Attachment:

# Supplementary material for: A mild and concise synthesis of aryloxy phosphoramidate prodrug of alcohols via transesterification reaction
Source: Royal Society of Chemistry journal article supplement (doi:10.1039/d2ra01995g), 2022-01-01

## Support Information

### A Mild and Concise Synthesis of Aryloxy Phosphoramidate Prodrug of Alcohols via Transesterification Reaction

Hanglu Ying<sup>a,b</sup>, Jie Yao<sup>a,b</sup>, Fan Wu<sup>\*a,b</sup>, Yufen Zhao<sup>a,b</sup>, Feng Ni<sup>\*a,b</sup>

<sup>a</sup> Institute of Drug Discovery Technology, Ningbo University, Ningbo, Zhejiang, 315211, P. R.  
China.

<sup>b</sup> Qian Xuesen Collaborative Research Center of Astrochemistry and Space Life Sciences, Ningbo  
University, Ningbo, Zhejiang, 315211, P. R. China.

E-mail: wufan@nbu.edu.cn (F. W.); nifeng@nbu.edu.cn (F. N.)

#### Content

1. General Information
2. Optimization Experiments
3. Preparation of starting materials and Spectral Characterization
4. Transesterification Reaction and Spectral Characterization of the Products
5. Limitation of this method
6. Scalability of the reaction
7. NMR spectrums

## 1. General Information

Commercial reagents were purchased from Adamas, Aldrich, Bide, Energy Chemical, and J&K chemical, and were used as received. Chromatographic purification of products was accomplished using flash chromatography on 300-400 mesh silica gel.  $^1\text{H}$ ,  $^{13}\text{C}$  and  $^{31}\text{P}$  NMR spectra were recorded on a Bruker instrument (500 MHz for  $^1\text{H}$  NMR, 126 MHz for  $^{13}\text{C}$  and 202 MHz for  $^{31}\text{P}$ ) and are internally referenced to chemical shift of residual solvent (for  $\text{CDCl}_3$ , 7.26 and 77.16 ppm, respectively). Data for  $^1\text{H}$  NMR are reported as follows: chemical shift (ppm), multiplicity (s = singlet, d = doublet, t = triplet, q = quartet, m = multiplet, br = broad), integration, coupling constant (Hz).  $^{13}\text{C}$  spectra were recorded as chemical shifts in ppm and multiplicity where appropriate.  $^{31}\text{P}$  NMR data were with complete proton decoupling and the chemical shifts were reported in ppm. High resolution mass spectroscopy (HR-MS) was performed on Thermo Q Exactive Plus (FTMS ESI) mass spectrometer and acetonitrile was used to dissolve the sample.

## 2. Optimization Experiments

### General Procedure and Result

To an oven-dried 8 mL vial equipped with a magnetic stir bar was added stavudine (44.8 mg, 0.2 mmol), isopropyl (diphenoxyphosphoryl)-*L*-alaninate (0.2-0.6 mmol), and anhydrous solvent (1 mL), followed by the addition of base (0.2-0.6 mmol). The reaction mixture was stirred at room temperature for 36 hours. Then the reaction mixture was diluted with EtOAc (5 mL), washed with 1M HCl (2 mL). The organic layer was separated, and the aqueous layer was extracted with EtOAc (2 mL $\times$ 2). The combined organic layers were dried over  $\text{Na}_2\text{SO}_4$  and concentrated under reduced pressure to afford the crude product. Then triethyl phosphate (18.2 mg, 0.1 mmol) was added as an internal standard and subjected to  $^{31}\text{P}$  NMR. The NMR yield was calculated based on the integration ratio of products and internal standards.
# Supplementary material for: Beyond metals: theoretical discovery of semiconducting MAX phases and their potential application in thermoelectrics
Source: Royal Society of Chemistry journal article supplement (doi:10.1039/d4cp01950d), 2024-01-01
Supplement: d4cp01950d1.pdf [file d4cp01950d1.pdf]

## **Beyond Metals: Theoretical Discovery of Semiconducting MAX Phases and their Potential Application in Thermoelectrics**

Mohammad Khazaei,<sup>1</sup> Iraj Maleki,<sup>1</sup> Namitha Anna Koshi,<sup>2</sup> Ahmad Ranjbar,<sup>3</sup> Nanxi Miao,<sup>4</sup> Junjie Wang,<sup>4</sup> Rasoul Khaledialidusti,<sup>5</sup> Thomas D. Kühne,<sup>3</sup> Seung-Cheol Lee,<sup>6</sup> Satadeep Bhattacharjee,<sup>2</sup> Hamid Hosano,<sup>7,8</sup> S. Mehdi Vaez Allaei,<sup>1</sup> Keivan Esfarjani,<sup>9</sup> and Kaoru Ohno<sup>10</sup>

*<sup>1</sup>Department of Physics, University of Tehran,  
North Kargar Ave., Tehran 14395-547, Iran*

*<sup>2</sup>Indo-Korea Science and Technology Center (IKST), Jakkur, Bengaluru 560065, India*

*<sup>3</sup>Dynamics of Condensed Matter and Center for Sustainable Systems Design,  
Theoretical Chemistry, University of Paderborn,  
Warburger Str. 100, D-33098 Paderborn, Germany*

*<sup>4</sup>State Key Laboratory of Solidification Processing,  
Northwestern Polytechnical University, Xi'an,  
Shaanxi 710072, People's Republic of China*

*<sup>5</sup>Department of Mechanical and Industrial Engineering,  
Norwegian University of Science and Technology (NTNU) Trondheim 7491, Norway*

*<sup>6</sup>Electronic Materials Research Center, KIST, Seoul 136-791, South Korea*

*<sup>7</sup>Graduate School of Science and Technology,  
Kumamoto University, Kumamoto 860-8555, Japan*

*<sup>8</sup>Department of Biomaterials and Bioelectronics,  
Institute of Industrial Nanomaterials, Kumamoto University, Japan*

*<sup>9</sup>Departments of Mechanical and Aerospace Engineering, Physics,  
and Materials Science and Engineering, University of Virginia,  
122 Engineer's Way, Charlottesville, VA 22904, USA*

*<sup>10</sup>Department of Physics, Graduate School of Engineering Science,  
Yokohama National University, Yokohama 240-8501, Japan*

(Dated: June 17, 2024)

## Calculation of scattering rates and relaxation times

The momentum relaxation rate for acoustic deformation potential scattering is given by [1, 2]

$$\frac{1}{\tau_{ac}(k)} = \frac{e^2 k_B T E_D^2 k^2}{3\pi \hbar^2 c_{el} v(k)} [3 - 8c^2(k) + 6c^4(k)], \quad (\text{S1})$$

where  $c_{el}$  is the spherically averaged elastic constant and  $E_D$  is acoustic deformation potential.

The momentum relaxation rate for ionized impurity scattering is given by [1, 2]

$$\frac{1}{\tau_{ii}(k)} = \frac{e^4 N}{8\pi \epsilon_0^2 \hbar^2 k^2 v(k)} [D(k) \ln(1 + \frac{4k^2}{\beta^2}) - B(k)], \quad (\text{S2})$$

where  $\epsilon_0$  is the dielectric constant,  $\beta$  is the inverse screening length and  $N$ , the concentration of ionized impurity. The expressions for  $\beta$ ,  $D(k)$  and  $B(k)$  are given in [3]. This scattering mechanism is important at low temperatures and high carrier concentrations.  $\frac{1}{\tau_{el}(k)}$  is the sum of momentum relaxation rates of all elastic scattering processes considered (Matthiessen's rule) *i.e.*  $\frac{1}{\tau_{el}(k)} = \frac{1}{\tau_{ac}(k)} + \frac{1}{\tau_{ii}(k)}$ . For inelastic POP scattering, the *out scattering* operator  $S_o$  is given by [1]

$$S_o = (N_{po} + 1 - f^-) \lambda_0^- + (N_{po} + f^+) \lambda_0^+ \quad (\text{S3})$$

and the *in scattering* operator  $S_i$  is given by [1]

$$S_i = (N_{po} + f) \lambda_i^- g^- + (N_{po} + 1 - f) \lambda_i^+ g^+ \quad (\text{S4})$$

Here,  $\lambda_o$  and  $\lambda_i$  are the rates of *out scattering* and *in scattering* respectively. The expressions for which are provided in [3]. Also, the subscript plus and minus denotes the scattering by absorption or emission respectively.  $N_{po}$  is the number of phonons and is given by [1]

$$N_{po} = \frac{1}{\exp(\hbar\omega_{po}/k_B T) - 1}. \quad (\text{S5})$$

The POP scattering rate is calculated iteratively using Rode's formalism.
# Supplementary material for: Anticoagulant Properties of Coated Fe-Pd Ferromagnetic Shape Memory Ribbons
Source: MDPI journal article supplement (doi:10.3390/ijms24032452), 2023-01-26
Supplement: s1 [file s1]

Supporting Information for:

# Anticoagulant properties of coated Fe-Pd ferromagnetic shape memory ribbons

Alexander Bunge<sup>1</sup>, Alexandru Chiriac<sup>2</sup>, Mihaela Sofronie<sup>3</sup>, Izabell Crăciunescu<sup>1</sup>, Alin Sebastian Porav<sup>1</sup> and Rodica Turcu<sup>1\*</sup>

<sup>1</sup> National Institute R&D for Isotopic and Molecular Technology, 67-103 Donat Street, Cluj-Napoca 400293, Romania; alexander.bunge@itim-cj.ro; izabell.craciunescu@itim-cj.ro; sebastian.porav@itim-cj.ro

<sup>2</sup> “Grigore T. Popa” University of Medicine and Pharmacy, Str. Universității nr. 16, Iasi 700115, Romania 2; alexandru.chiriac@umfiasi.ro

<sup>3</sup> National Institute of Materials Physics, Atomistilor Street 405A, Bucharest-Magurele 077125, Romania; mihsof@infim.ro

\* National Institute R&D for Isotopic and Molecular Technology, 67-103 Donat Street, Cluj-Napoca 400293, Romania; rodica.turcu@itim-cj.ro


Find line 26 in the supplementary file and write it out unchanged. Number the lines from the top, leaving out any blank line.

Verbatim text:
Supplement: d4cp01950d1.pdf [file d4cp01950d1.pdf]